- By Isaac Stone FishIsaac Stone Fish is Asia editor at Foreign Policy, where he edits, reports, and writes stories from across the region. Previously a Beijing correspondent for Newsweek, Isaac wrote stories on such subjects as the Dalai Lama’s effect on international trade, China’s love affair with rogue states, and crystal meth in North Korea, a country he has visited twice. A fluent Mandarin speaker, Isaac spent seven years living in China prior to joining FP; he has traveled widely in the region and in China. His articles have also appeared in the New York Times, the Economist, the Washington Post, and the Los Angeles Times, and he has appeared as a commentator on MSNBC, BBC, NPR, Al-Jazeera, and PRI, among others.
On July 25, after months of silence about Bo Xilai, the disgraced Chinese politician who hadn’t been seen in public since his sacking in March 2012, China’s official Xinhua news agency ran a two-sentence story stating that Bo had been indicted for bribery, corruption, and abuse of power, inciting speculation that a carefully managed and day-long show trial would begin within weeks. "Trial of Bo Xilai likely to be swift and predictable, say experts," a Guardian headline advised.
The timing, at least, turned out to be true: Bo Xilai’s trial began on Aug. 22. But as for many other details about the trial, we in the foreign press were way off. Bo’s five-day trial featured explosive allegations, remarkable transparency — the court in the provincial capital of Jinan, where the trial was held, released much of the testimony via their microblog — and a command performance by Bo himself.
Chinese politics are notoriously opaque — elite politics, especially when it involves the biggest public scandal the Communist Party has faced in decades, even more so. All of which made predicting how China’s trial of the century will play out very difficult.
Consider some of the stories that appeared in the weeks leading up to the trial. The Guardian expected the trial to last "a few hours," not several days. A July 31 Reuters story, meanwhile, claimed Bo had agreed to plead guilty to at least some of the charges, which he ultimately didn’t (the story did hedge by adding, "It remains to be seen if his decision to plead guilty will hold until the trial").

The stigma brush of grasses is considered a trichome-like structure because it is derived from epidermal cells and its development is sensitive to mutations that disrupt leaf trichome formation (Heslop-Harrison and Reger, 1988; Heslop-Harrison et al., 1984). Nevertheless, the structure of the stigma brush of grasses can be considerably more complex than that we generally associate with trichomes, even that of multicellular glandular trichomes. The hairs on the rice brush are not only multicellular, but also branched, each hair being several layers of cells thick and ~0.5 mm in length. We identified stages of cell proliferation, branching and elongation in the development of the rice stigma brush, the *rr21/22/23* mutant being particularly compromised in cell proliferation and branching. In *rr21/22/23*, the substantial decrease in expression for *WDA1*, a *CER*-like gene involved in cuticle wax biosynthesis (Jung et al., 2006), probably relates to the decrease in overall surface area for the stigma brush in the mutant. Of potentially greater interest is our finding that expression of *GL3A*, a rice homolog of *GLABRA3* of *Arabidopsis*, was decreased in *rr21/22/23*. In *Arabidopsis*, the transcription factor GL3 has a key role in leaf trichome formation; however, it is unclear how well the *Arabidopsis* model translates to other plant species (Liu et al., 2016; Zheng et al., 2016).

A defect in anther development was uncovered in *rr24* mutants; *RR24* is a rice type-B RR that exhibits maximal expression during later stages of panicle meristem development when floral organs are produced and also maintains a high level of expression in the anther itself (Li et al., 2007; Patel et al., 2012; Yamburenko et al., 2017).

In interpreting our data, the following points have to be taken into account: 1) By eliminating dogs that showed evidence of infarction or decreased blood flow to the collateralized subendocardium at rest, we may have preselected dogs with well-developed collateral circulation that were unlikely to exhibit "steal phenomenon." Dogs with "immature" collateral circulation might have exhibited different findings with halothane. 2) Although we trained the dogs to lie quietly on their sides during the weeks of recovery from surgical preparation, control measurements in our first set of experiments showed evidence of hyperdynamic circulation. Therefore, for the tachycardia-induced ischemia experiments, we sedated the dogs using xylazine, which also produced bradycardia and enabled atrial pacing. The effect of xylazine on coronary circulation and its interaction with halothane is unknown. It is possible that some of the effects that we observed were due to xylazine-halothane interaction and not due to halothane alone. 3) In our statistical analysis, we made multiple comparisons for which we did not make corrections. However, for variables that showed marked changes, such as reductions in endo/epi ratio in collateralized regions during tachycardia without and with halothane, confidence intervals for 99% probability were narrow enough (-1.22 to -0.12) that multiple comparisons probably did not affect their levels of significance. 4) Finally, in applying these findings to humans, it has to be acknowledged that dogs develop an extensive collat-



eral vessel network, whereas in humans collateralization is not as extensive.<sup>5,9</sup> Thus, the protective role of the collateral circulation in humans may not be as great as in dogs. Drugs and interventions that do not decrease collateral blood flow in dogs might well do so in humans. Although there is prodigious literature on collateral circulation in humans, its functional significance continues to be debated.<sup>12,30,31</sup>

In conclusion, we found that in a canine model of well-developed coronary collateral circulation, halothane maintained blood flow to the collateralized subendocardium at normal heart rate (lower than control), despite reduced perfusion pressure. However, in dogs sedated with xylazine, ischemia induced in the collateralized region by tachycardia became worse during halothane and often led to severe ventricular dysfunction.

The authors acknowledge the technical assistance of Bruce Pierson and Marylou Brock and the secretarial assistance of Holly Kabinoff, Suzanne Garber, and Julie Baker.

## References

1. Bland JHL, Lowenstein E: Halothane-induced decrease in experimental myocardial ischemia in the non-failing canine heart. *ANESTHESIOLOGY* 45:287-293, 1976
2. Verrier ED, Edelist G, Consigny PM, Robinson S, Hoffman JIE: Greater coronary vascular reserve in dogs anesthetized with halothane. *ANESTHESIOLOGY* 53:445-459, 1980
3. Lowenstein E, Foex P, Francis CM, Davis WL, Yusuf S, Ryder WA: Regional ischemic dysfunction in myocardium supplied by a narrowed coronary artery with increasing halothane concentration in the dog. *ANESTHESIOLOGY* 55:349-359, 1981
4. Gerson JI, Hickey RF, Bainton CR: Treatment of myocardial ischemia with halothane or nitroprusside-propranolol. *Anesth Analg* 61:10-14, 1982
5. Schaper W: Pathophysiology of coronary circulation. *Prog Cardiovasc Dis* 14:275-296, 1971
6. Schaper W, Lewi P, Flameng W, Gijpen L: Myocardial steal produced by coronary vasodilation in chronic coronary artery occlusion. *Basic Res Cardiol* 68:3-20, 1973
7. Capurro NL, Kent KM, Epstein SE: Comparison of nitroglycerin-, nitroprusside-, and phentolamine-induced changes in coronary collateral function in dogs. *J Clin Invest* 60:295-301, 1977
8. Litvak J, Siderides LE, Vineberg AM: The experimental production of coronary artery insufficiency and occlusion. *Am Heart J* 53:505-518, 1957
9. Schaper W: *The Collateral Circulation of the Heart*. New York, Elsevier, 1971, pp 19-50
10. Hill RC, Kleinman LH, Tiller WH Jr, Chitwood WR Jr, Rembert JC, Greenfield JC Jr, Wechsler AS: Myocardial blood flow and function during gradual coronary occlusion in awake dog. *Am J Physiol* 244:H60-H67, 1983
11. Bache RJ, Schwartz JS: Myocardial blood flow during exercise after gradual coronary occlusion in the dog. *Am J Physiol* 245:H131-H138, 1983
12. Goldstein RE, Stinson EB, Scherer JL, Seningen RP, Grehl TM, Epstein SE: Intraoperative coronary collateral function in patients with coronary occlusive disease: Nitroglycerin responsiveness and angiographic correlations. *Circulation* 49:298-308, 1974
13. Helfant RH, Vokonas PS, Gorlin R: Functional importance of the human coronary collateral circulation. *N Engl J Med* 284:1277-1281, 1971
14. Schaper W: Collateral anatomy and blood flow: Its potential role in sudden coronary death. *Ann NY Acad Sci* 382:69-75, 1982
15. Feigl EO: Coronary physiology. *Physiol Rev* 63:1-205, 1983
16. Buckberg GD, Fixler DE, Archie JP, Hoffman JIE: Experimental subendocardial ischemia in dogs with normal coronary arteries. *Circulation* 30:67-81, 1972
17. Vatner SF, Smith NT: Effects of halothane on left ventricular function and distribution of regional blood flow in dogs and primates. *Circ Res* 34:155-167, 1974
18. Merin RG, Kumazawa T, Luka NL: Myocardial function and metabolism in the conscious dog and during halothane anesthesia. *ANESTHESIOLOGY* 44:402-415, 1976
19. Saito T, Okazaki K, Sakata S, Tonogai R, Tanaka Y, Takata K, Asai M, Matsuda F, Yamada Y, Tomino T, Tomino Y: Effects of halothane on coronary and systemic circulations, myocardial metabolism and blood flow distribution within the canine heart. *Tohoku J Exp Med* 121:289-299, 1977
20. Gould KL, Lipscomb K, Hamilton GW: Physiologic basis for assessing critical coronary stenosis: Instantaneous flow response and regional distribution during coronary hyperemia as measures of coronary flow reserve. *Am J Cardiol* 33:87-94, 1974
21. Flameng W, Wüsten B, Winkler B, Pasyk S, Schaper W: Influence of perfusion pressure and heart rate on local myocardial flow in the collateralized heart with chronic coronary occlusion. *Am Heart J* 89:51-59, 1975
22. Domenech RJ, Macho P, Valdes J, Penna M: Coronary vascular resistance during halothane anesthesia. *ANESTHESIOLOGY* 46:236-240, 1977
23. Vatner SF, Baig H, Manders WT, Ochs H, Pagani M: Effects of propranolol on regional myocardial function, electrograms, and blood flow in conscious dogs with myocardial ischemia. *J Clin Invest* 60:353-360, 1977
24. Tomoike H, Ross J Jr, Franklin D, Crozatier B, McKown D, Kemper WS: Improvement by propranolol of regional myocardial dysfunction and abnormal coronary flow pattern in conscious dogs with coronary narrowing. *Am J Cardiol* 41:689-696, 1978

Writing in Bloomberg, China scholar Minxin Pei predicted the trial would be "an anticlimax. Even if the trial were public, we would witness no courtroom drama," he noted. "Bo … will almost certainly be presented as a broken and penitent man." Instead, a defiant Bo gave an impressive performance. He called his wife "insane" and said that the defection of police chief Wang Lijun, which dragged the scandal into the public light in February 2012, came about after Bo learned that Wang was having an affair with his wife. He demolished the testimony of imprisoned businessman Xu Ming, whom Bo is accused of bribing — at one point saying the conversations he allegedly had with Xu were so outrageous that they "would not even appear in the cheapest television dramas." Bo presented himself as canny and sympathetic; there was nothing broken about the master politician on display in the courtroom these last five days in Jinan.
Personally, I was confident that Bo Xilai would surface with gray hair. Chinese politicians have a well-known penchant for dying their hair, and I figured that in the few images of the trial broadcast on Chinese television, Bo would appear, head bowed, hair gray, and mumble a few words of contrition before the camera panned away. I discussed the story with Foreign Policy contributor Paul French, who wrote, "I’m looking forward to the gray hair — they always deny them the hair dye in prison and so the most shocking thing is the gray hair — publicly parading a senior Chinese politician with gray hair is tantamount to [making] him walk naked through town!!"
But that was not how events played out. When a picture of Bo with a lustrous head of black hair, emerged online, French wrote back: "interesting to see hair looking dark still?"
The missteps in the coverage of Bo’s trial haven’t all been recent, or confined to the foreign press. In January, China’s state-run Ta Kung Pao newspaper reported that Bo’s trial would start later that month in the southern Chinese city of Guiyang, citing "well-informed Beijing sources." Dozens of reporters flew to Guiyang, only to learn that no trial had been planned. "Flummoxed, local court officials held a hasty and unusual press conference to deny a trial was in the offing and pleaded for the media to leave them alone," Reuters correspondent John Ruwitch wrote from Guiyang. (Coverage of the international aspects of the case, like the Bo family’s villa in Cannes, and the murder of British businessman Neil Heywood, have proved more accurate and comprehensive.)
Beijing managed to keep much of the Bo saga — and the elite machinations that precipitated it — from the foreign press. As humbling as it may be to admit, we know very little about what goes on at the highest levels of Chinese politics. The most honest headline I’ve seen recently — and it must have driven its editor crazy — came from Voice of America in early August: "China’s Biggest Corruption Trial in Decades Remains a Mystery."